In the three years since the new regime in China decreed its economy open to outside assistance, Europe has been vainly seeking to emulate the pioneering commercial thrust made into that same land some 700 years earlier by a Venetian merchant named Marco Polo.
For a while after the Fifth National People's Congress of 1978 set out ambitious economic development goals for the country and the signature of a trade cooperation treaty between China and the European Common Market at about the same time, enthusiastic European industrialists and planners saw the vast Chinese market as a possible remedy for their slump.
Upon returning from a 1979 visit to China, Wilhelm Haferkamp, the EC commissioner for trade, remarked, "The world economy needs a new historic impulse to growth on the scale of the postwar reconstruction of Europe or the spread to the mass of the population of higher living standards in the 1950s and 1960s.
"The Chinese program of modernization will be perhaps the major economic event of the next two decades and could make a major contribution to this strategy. . . ."
Although Chinese officials at the time hinted that Europe was destined to rival Japan as China's leading supplier, it has become increasingly clear to both since then that this goal was beyond their anticipated leap forward.
Lately, EC trade officials here have been expressing disappointment with the results of recent trade flows which have, in fact, favored China. And a major trade fair scheduled for later this month in Brussels is being looked upon as a chance to turn this flagging economic relationship around.
An upsurge in trade between the two would be seen by many Europeans as the just payoff for a rapprochement that began in 1964 when President Charles de Gaulle became the first in the West to recognize China, and China in 1978 became the first major communist power to recognize the Common Market.
After a 41 percent increase in exports from the Common Market countries in 1979 after conclusion of the joint trade pact, EC exporters in early 1980 saw a 24 percent downturn in sales. In the meantime, Chinese shipments to the EC climbed 41 percent in 1979 and 53 percent in 1980, bringing EC-China trade roughly in balance, at about $2 billion each way. Expressing their disappointment to their Chinese counterpart, European trade officials were told that Chinese policy adjustments had caused the downward turn but that sales should pick up once again once the readjustment and review period was over.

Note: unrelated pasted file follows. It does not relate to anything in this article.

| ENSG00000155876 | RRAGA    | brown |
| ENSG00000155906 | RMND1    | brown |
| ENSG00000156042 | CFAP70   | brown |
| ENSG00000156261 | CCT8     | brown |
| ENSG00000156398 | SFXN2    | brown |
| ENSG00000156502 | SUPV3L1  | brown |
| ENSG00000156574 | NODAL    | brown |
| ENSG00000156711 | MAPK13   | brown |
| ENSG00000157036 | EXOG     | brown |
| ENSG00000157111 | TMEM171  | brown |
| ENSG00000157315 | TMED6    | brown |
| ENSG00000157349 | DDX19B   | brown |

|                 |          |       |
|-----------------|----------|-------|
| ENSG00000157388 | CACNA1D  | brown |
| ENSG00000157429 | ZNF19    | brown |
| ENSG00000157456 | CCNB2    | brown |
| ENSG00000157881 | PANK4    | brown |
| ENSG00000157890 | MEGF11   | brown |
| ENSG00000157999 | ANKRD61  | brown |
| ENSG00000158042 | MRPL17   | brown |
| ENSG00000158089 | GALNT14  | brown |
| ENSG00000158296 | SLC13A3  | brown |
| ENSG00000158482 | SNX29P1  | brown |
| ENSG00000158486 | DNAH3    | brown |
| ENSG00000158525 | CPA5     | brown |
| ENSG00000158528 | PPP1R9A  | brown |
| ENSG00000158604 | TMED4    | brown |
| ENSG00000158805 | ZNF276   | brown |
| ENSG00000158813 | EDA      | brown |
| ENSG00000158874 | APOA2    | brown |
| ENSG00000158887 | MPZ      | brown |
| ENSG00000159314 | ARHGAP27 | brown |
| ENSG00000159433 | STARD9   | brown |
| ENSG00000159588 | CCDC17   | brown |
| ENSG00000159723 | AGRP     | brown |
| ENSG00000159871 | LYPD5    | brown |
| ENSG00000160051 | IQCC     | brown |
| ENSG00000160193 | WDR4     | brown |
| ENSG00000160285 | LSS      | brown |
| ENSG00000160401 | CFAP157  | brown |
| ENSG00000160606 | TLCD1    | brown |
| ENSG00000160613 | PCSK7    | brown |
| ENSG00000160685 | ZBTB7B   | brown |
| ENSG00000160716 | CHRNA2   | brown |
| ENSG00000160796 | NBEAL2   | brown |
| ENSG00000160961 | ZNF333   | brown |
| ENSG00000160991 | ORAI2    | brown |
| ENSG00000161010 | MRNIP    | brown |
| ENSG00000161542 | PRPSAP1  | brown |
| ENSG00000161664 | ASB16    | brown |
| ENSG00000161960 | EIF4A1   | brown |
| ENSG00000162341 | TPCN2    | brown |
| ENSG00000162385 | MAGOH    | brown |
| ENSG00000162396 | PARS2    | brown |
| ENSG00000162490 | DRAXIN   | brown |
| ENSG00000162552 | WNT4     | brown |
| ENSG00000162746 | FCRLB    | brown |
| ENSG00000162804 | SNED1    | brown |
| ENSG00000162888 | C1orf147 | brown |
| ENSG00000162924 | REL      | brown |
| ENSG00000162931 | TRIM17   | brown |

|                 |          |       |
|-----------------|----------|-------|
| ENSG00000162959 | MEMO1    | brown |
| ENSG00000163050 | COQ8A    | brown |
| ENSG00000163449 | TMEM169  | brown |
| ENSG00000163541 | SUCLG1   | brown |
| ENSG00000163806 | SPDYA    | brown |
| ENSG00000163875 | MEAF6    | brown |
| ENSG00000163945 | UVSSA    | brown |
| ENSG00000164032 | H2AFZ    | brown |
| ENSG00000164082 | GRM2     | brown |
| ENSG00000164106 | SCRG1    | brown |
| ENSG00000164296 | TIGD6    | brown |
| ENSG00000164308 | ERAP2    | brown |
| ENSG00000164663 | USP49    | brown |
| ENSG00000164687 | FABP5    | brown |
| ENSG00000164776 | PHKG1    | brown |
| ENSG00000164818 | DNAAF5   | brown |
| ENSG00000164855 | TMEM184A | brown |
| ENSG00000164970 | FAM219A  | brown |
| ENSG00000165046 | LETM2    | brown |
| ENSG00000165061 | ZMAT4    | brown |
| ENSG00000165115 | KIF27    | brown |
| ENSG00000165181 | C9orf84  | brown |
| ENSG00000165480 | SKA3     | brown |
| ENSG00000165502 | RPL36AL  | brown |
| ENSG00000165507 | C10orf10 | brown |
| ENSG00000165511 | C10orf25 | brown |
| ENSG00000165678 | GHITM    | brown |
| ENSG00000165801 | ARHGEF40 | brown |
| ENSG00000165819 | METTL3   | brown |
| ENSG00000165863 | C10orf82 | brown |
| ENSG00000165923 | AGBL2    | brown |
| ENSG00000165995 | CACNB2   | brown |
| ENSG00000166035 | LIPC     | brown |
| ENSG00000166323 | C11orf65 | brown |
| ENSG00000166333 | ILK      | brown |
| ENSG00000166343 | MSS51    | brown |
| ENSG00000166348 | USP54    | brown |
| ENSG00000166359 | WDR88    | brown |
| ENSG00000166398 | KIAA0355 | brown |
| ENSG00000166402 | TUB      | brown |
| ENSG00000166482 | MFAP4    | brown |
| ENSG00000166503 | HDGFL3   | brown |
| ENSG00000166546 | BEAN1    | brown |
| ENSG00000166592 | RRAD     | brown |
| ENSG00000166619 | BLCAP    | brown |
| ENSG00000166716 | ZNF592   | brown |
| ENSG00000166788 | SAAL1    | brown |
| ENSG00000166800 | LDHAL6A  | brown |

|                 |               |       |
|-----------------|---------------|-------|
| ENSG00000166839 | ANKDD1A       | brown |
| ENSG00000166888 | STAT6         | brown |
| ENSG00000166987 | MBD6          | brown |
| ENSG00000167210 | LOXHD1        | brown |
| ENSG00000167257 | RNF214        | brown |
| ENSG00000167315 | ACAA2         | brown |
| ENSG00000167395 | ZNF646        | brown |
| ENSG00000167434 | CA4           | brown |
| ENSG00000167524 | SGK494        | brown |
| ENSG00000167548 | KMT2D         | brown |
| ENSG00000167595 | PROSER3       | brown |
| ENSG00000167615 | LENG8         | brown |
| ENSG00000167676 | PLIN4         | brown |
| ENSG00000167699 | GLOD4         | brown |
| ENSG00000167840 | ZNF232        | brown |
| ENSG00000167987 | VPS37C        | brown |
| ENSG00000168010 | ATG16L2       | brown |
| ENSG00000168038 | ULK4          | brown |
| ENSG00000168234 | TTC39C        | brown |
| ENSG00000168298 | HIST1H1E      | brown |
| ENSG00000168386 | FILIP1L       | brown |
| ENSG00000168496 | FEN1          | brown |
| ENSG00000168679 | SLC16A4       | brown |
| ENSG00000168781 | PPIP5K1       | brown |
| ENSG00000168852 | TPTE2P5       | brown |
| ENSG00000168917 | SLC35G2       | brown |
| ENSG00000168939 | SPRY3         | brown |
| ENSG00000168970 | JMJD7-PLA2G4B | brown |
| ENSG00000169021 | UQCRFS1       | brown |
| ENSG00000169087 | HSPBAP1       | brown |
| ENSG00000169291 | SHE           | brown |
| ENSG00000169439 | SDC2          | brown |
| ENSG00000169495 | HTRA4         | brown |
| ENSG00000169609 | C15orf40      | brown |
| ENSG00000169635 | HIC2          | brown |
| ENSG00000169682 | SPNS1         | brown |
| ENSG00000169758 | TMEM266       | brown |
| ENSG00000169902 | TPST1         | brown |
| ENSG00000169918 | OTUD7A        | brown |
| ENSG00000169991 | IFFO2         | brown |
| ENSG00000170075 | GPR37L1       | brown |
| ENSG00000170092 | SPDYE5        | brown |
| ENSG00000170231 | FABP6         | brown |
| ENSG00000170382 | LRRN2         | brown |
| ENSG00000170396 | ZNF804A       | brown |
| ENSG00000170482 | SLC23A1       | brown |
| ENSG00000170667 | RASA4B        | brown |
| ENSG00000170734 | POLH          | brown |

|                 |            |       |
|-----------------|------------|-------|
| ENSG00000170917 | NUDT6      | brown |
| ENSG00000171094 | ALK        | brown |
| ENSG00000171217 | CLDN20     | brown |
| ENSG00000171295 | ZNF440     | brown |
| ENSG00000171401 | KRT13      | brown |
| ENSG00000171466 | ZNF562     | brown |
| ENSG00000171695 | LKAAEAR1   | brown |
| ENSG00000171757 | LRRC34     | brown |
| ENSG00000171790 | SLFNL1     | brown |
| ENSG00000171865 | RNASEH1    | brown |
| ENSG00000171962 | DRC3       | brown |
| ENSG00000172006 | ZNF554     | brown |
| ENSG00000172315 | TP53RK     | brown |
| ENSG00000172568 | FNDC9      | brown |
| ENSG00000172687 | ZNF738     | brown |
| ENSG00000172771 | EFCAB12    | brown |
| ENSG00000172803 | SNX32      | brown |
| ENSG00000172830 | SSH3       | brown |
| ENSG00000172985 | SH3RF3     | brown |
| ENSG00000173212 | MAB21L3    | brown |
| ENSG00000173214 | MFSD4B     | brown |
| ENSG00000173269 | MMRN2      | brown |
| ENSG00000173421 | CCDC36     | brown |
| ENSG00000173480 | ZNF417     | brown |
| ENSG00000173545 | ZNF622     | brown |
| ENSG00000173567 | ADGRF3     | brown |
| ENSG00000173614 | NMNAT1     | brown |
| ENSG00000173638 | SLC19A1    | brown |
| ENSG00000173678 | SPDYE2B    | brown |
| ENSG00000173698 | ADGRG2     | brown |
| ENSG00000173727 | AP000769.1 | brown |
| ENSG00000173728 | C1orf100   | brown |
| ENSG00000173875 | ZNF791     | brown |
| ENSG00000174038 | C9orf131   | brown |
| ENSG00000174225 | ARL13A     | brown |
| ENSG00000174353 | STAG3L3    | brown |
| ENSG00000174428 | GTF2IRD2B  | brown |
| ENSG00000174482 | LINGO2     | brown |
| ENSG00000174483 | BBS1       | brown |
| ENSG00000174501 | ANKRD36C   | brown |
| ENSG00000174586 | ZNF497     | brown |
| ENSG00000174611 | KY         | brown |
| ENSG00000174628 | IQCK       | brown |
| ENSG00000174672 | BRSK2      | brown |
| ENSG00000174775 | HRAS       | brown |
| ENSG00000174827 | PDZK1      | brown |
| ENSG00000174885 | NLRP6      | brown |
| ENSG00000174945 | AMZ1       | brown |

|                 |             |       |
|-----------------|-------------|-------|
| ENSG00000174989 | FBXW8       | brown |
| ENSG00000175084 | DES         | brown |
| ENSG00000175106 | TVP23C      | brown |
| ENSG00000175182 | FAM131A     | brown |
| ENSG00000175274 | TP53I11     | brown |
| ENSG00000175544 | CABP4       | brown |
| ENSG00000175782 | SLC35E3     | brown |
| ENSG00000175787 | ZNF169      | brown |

Europe's recent trade relations with China have been marked by such gyrations. EC countries' exports to China were cut in half in 1963, then rebounded and held at a fairly steady level until 1973, when they nearly doubled. The next three years again witnessed a regular progression, interrupted abruptly in 1977, rising again in 1978 and 1979, only to be brought to a screeching slowdown again last year.
The main European exports were steel, chemicals and plastics, machinery, transport equipment, instruments, and textiles, which were mainly synthetic fibers.
At the same time, China's shipments to the EC market have shown a relatively steady growth during the same period, with the main items in recent years being textiles, agricultural products, skins, furs, leather goods, wickerwork, tin, and shoes.
The EC has been China's second-leading trading partner after Japan, with Germany by far the top European performer, although lagging considerably behind Tokyo. The new Chinese regime signed multi-year trade cooperation agreements with both Japan and the EC within weeks of each other in 1978. The pact with Japan was said to provide for two-way trade to reach $20 billion, with about $10 billion flowing each way. At the time Japan's trade was only $3.5 billion. In the case of the EC, China told negotiators that trade between the two should be brought to the same level as between China and Japan.
While some major deals have been concluded between European operators and the emerging Chinese economy, the anticipated blossoming of business potential has still to be realized. Despite high-level contacts including European Visits by Chairman Hua Guofeng, Vice-Premier Gu Mu, and a flurry of initial study missions by officials, there has been a noticeable slowdown, which planners on both sides hope to reverse.
Chinese plans have been revised, European ardor has cooled, and major deals, such as the proposed British sales of military aircraft to China, have been put on ice. A major European-China trade week originally planned for last year in Brussels was postponed.
But it is expected that some 100 Chinese experts will be at the Brussels trade fair, the largest number ever to gather for such an event, will be on hand to meet with European officials, business, and financial leaders to expl ore trade potential.